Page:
Automakers won't be able to meet Vermont CO2 mandate
Vermont is one of ten states that has implemented carbon dioxide emissions restrictions that start to take effect in 2009 and increase until 2016, eventually resulting in a thirty percent reduction. As expected, the industry is suing Vermont (related story) to try and stop the new law. During testimony in the trial industry expert Thomas Austin said the carmakers wouldn't be able to meet the requirements in the required time frame and would need until 2020 to comply.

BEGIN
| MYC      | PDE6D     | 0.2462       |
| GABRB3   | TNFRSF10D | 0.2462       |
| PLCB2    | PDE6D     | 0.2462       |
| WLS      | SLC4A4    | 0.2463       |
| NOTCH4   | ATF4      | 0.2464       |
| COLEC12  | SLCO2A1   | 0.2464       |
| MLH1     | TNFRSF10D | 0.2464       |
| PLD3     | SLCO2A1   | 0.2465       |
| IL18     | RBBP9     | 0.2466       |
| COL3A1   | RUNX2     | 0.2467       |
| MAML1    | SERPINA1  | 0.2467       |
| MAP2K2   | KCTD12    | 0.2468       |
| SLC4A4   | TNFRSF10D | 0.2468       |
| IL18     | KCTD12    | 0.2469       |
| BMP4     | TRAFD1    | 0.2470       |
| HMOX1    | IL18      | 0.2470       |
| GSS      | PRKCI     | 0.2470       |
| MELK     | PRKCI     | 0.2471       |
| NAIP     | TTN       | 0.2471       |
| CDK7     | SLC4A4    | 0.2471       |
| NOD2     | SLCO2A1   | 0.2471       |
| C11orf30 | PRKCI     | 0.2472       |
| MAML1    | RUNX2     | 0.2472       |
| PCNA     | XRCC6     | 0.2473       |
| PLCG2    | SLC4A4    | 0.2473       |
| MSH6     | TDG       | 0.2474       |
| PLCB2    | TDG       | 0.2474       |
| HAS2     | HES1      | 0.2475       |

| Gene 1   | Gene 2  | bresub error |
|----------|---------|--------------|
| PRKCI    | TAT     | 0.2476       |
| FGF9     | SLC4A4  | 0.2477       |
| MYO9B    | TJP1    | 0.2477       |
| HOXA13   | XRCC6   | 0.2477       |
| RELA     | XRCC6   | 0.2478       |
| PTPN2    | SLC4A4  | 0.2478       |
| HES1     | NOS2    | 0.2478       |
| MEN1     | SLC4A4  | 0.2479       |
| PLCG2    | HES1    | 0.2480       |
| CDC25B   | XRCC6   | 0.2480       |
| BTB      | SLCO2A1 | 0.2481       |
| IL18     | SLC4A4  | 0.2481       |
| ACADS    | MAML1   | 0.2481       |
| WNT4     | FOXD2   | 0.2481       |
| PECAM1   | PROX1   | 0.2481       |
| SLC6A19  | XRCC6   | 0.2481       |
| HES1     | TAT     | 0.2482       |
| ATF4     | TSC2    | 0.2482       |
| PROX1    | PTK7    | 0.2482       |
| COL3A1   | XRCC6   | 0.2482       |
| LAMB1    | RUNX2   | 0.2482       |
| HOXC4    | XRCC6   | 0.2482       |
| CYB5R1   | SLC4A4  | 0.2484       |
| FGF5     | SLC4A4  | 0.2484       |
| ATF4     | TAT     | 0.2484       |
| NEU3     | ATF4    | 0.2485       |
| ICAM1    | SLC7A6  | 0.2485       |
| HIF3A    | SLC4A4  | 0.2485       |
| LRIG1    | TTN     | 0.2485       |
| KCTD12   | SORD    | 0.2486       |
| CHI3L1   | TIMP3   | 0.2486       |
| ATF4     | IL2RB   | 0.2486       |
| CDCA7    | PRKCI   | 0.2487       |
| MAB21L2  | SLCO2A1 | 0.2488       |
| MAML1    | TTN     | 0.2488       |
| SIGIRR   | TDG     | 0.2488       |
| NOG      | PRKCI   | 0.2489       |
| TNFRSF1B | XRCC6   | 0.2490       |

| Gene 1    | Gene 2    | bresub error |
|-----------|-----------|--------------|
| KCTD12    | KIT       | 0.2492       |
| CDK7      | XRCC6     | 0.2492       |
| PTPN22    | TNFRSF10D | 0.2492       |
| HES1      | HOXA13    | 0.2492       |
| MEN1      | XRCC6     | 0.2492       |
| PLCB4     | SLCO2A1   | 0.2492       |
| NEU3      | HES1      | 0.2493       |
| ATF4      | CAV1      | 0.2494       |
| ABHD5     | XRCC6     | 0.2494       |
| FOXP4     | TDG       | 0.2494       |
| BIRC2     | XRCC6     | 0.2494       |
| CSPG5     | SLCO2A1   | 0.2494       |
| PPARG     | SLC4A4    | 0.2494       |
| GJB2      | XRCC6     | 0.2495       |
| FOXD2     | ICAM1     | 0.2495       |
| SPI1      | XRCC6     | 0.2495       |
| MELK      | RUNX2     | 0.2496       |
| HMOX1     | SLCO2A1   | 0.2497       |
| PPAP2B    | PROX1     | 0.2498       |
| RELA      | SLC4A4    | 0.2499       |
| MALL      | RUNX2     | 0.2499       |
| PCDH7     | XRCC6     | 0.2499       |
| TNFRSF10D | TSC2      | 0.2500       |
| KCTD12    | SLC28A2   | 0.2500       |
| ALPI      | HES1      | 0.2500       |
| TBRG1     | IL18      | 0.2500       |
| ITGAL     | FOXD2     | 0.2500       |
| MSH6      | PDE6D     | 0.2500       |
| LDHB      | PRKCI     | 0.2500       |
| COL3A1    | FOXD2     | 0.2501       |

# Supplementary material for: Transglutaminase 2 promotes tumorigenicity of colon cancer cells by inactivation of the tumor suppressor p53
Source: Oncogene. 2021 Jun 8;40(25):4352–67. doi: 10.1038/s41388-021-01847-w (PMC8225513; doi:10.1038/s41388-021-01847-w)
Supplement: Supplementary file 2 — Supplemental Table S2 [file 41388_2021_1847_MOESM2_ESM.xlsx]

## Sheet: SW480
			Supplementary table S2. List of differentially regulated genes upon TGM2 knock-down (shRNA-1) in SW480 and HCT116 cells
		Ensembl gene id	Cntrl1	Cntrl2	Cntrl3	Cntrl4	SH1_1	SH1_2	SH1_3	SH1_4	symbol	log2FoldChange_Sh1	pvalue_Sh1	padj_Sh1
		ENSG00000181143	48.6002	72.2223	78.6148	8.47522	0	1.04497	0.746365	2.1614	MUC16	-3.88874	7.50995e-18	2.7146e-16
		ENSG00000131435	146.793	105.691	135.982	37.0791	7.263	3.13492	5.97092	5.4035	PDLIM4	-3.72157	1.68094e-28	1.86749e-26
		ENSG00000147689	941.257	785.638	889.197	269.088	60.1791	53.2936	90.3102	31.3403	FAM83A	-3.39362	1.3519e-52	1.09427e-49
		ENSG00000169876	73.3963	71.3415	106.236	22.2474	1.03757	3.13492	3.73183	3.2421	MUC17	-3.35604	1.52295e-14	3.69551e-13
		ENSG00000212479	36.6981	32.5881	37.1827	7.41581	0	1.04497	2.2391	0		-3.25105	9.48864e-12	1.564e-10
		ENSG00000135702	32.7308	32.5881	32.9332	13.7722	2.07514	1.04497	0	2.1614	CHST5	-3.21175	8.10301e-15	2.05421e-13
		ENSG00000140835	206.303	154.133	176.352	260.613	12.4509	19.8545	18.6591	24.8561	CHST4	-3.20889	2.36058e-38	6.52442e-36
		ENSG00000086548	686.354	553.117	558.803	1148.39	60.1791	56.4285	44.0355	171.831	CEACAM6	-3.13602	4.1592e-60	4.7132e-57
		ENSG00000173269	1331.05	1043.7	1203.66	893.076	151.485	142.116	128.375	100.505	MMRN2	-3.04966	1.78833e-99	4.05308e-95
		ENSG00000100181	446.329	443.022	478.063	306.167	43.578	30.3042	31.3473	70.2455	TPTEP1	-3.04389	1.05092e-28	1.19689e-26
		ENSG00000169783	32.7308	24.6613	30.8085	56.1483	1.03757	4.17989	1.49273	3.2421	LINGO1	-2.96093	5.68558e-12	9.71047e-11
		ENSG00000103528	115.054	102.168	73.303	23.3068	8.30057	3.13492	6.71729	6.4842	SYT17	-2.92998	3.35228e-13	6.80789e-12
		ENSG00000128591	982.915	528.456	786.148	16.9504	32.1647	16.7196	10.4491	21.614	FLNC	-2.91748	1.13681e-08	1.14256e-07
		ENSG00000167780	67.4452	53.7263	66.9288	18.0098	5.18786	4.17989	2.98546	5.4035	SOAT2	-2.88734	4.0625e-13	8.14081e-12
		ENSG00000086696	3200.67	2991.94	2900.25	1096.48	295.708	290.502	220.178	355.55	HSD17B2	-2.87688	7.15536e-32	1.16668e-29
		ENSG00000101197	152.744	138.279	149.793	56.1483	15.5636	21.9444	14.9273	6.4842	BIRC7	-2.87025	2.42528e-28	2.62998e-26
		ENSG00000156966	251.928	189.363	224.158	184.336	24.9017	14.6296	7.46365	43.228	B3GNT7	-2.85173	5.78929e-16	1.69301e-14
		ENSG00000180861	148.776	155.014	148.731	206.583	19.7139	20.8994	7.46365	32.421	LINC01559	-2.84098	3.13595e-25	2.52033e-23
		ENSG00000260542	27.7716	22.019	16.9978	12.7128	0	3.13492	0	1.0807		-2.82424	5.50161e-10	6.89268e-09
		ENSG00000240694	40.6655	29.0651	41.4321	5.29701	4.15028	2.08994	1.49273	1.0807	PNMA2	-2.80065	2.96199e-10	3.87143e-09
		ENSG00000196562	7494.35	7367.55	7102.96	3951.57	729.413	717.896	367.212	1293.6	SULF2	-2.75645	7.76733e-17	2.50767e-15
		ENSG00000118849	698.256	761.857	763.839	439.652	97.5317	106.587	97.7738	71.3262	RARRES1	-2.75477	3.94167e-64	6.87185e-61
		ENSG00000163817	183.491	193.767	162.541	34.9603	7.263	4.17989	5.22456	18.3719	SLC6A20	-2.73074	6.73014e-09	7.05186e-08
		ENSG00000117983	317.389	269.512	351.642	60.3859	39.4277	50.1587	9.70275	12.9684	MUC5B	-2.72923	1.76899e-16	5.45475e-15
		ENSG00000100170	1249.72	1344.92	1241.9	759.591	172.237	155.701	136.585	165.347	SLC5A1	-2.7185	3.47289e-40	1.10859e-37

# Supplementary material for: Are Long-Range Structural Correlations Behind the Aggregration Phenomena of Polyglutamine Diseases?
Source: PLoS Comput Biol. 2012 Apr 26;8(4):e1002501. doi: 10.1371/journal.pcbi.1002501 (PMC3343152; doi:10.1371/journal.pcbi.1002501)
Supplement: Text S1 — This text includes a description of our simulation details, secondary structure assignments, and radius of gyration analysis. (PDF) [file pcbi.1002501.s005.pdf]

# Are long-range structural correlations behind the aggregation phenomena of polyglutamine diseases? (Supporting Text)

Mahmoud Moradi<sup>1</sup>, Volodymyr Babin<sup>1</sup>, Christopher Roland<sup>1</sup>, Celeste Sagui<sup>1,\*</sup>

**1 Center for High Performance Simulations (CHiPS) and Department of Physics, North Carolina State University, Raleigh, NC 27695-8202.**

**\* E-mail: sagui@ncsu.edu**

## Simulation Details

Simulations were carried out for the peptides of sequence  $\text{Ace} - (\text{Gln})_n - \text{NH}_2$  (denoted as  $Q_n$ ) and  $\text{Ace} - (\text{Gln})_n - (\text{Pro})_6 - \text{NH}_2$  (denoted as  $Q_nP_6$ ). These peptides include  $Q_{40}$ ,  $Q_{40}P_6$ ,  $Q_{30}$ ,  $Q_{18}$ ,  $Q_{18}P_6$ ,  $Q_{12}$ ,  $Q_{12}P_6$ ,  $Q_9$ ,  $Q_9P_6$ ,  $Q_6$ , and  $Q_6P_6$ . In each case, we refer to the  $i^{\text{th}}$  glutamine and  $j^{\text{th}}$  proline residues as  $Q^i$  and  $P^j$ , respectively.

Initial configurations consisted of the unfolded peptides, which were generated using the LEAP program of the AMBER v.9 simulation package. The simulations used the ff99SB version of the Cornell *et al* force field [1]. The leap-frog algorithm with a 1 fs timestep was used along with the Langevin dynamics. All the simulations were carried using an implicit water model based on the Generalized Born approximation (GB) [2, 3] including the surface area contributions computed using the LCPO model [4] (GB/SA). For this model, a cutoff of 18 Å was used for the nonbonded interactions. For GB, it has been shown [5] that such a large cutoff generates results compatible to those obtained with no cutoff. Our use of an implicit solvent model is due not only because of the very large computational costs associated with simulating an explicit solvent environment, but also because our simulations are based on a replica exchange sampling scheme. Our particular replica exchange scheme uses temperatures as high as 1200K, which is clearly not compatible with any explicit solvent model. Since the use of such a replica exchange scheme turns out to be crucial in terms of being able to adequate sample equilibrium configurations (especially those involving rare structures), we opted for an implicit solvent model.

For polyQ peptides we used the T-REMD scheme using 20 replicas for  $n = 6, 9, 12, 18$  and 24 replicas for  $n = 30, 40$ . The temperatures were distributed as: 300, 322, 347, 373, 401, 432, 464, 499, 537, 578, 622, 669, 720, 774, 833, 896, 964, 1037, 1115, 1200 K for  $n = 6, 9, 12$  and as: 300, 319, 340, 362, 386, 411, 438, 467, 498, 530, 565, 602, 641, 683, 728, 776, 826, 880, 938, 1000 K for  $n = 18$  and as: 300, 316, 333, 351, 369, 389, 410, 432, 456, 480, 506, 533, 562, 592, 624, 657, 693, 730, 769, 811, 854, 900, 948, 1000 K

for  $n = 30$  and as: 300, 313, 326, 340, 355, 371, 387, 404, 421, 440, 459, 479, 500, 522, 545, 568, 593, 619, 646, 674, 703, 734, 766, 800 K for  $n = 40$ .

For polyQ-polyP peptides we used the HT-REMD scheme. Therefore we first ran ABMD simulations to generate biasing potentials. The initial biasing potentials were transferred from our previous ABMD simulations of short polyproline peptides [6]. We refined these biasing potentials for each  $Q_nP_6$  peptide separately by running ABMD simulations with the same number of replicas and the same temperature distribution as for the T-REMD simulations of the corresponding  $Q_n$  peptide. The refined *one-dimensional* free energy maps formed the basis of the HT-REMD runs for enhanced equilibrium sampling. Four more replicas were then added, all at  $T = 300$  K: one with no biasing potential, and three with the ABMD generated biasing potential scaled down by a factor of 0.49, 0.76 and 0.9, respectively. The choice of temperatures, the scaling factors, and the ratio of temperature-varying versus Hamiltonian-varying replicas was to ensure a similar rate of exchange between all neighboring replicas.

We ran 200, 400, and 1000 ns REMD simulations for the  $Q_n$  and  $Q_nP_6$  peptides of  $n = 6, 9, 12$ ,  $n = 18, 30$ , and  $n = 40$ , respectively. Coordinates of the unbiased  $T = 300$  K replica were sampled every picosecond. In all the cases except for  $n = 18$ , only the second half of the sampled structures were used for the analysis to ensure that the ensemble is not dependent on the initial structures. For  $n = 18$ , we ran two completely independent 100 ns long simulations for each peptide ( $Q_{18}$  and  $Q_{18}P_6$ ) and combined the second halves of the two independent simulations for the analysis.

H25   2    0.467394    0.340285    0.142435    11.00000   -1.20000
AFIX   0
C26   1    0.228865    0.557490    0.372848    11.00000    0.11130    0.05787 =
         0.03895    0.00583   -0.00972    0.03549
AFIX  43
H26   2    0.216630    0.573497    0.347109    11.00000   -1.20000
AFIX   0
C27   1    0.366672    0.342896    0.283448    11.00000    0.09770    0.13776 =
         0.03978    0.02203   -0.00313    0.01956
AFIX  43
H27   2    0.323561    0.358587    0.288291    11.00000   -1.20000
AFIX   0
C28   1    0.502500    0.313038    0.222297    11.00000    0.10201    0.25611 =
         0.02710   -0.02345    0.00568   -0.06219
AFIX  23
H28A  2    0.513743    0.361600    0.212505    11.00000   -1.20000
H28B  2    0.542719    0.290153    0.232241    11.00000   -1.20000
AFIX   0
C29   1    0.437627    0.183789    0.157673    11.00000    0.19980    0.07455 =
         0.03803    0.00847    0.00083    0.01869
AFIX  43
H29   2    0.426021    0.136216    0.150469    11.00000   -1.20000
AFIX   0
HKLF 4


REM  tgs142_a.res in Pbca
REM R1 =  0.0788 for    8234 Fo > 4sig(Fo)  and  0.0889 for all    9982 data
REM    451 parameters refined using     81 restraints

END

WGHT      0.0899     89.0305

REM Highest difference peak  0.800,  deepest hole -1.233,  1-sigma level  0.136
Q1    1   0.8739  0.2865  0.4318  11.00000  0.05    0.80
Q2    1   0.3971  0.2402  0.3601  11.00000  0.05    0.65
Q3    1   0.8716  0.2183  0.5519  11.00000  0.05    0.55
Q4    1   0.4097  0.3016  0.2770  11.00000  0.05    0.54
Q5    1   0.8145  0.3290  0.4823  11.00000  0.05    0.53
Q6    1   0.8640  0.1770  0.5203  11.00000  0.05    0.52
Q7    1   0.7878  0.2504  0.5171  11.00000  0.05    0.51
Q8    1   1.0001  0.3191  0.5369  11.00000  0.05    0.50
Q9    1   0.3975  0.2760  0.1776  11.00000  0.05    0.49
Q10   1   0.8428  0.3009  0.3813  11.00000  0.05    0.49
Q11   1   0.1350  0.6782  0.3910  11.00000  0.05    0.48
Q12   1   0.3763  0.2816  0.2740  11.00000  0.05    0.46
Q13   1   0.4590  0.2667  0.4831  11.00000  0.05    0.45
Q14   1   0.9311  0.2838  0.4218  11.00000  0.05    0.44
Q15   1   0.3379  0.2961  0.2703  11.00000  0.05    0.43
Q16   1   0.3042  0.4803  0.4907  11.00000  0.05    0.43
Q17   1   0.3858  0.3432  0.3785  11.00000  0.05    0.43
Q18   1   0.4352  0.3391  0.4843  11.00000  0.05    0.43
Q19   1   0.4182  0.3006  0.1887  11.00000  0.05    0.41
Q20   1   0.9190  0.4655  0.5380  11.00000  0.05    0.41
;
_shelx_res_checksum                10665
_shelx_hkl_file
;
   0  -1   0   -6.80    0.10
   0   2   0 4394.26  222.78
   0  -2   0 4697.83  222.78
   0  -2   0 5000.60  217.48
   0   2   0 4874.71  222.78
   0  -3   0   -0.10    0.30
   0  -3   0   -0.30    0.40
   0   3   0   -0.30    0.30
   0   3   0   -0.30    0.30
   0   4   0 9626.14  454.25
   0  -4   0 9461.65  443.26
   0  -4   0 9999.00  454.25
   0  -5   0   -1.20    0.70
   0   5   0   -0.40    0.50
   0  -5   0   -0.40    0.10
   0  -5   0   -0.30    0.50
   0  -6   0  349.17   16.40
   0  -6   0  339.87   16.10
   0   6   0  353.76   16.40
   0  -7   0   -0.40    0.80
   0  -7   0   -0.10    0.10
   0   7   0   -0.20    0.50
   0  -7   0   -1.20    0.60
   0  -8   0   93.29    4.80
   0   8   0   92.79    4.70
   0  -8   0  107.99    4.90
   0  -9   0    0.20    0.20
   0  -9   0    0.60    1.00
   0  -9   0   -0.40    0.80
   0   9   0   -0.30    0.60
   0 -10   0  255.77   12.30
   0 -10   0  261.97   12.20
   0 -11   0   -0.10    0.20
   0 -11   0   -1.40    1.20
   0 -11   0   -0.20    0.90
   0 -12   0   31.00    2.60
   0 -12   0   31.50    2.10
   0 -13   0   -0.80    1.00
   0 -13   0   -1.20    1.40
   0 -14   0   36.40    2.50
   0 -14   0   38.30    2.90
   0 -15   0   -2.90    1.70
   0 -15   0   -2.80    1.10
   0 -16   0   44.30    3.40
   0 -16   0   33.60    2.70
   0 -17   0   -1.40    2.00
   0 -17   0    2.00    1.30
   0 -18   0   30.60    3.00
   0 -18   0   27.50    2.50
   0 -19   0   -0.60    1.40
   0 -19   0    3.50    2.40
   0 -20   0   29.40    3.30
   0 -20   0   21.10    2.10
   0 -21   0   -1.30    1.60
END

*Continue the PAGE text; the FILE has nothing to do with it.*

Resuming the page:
The automakers suit is based on the premise that CO2 emissions are directly related to fuel consumption and as such fall under federal, not state regulatory authority. The carmakers might make a better case for themselves if they reached a settlement with the states that they would stop fighting federal fuel economy regulations if the states would back off on their own regulations. Assuming that something like the current congressional proposals pass, it would accomplish much of what the states are trying to do with a single regulation instead of a patchwork of state rules that just complicate things. Of course this depends on real and enforceable federal rules passing.
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